Pulling a thread: unravelling the trail of modern slavery in the fashion and textile industry

Spools of multi-coloured cotton

Description

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Funding Reference: TS170074 

Project background

Using the UK Modern Slavery Act (MSA) 2015 as a reference point, this project set out to

  • Identify the barriers to addressing modern slavery in the global clothing value chain;
  • Understand the motives of suppliers for having forced labour; and
  • Suggest solutions for industry and policy makers. The research focused on Indian (Tamil Nadu) and Vietnamese supply chains as they are important source countries for UK firms. These two countries are also home to small, fragmented and non-integrated businesses, making the identification, monitoring and addressing of modern slavery challenging.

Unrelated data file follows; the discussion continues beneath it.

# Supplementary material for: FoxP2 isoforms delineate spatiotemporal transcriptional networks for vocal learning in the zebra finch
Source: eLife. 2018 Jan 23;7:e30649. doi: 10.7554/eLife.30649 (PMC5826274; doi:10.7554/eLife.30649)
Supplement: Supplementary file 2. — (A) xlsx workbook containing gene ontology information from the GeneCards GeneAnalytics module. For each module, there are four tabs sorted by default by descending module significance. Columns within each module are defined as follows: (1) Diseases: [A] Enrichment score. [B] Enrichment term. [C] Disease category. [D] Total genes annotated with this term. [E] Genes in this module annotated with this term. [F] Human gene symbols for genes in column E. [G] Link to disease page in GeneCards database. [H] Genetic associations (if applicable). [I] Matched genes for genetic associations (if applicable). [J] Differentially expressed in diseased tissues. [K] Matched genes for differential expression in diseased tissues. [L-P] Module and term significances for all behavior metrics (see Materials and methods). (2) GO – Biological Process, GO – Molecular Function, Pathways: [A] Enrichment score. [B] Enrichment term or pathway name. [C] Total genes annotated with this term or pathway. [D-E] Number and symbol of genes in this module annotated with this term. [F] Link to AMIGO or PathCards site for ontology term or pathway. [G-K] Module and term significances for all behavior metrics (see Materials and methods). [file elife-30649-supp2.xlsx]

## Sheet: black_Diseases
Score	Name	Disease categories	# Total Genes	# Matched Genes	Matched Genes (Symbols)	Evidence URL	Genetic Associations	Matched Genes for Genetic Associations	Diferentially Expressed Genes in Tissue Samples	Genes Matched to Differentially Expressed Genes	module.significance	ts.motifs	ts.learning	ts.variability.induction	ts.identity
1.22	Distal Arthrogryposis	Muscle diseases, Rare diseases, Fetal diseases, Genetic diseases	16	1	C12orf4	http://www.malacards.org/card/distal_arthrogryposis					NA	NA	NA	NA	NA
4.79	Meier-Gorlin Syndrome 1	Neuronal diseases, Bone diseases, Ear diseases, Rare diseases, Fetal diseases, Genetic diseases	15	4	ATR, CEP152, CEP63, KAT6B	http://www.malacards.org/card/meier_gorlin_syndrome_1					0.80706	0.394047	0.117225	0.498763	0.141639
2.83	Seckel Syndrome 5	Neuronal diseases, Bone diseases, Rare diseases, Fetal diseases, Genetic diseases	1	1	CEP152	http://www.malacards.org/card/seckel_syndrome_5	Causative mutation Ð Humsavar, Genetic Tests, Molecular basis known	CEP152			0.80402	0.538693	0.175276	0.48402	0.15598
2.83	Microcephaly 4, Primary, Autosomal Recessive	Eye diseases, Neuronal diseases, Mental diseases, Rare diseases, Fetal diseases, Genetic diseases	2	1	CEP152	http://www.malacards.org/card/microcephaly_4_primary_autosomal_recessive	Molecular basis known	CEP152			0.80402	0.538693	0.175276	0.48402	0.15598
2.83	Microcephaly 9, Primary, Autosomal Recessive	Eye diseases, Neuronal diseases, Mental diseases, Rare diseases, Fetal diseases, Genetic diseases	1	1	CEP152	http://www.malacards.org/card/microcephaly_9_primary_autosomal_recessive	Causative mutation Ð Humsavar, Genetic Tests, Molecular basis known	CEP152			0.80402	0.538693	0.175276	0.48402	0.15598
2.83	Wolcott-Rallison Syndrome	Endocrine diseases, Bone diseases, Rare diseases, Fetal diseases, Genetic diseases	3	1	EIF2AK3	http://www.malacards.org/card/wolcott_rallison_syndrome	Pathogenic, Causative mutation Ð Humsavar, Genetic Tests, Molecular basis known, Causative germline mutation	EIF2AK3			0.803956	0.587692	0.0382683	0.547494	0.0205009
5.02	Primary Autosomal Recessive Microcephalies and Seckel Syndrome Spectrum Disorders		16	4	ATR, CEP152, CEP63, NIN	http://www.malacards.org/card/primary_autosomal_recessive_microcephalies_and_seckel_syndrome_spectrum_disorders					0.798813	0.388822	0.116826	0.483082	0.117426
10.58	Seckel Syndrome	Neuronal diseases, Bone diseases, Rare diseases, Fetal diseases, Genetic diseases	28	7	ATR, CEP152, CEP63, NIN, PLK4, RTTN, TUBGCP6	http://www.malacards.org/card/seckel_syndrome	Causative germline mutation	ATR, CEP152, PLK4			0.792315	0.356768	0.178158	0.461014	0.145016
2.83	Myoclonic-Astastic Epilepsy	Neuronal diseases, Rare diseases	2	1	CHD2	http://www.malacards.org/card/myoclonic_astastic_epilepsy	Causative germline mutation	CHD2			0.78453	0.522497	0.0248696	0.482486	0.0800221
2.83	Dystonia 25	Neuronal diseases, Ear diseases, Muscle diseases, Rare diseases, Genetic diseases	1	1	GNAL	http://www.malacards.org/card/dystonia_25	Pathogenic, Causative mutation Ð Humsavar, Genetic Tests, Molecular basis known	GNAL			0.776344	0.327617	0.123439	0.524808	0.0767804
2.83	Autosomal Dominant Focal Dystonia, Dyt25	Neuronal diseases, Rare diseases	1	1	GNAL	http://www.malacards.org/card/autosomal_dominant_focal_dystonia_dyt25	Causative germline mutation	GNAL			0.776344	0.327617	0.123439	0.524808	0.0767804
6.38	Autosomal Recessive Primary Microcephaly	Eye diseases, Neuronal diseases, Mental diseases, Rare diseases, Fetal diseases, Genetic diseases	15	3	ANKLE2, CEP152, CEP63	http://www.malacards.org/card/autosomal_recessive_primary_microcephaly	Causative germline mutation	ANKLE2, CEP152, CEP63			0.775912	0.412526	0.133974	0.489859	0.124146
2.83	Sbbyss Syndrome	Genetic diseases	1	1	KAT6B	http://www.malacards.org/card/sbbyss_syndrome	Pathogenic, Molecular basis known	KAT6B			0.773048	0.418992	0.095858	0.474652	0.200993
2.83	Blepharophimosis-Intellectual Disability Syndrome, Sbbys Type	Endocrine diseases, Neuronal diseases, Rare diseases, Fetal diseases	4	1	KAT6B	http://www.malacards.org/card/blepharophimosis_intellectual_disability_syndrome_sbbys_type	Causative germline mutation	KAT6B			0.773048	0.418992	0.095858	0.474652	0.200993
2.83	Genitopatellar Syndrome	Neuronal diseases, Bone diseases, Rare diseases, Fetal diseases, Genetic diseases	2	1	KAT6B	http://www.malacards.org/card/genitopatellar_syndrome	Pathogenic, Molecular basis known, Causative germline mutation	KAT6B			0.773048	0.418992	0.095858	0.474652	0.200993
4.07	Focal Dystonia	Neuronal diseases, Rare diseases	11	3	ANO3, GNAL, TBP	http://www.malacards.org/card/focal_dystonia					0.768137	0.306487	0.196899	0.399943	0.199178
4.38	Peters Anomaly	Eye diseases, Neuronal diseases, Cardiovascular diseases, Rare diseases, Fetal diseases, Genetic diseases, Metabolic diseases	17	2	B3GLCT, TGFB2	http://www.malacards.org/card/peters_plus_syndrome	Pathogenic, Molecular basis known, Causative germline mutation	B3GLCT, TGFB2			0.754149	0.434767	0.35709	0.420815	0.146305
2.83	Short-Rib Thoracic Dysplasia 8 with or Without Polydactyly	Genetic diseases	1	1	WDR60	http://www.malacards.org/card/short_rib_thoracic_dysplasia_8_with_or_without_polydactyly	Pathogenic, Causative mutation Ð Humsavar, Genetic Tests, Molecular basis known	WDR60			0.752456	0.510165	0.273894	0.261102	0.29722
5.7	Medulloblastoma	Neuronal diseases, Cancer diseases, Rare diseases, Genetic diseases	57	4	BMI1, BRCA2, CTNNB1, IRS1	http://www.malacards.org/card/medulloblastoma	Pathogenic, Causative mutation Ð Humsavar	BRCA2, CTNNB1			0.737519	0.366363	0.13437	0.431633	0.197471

In this project we particularly focus on Section 54 of the Act which is concerned with transparency in supply chains.

Research overview

The MSA requires businesses that operate in the UK and have a global turnover of more than £36 million to clarify in an annual public statement what steps they have taken to understand and to reduce the risk of modern slavery in their operations and global supply chains. The fulfilling of this obligation for large and powerful businesses that dominate the UK high street is not simple or straightforward in practice. Reasons for this can be found within the Act and in how businesses operate.

The Act obligates businesses to make an annual statement but is rather vague in its precise requirements of the nature of such statements. Our research to date has shown that typically Modern Slavery statements do not report:

  1. The prevalence of modern slavery within an organisation’s supply chain in both absolute numbers and relative to the workforce employed and thus the level modern slavery risk
  2. A definition or visibility of supply chains considered in the risk assessment
  3. External third party verification of the information collated and provided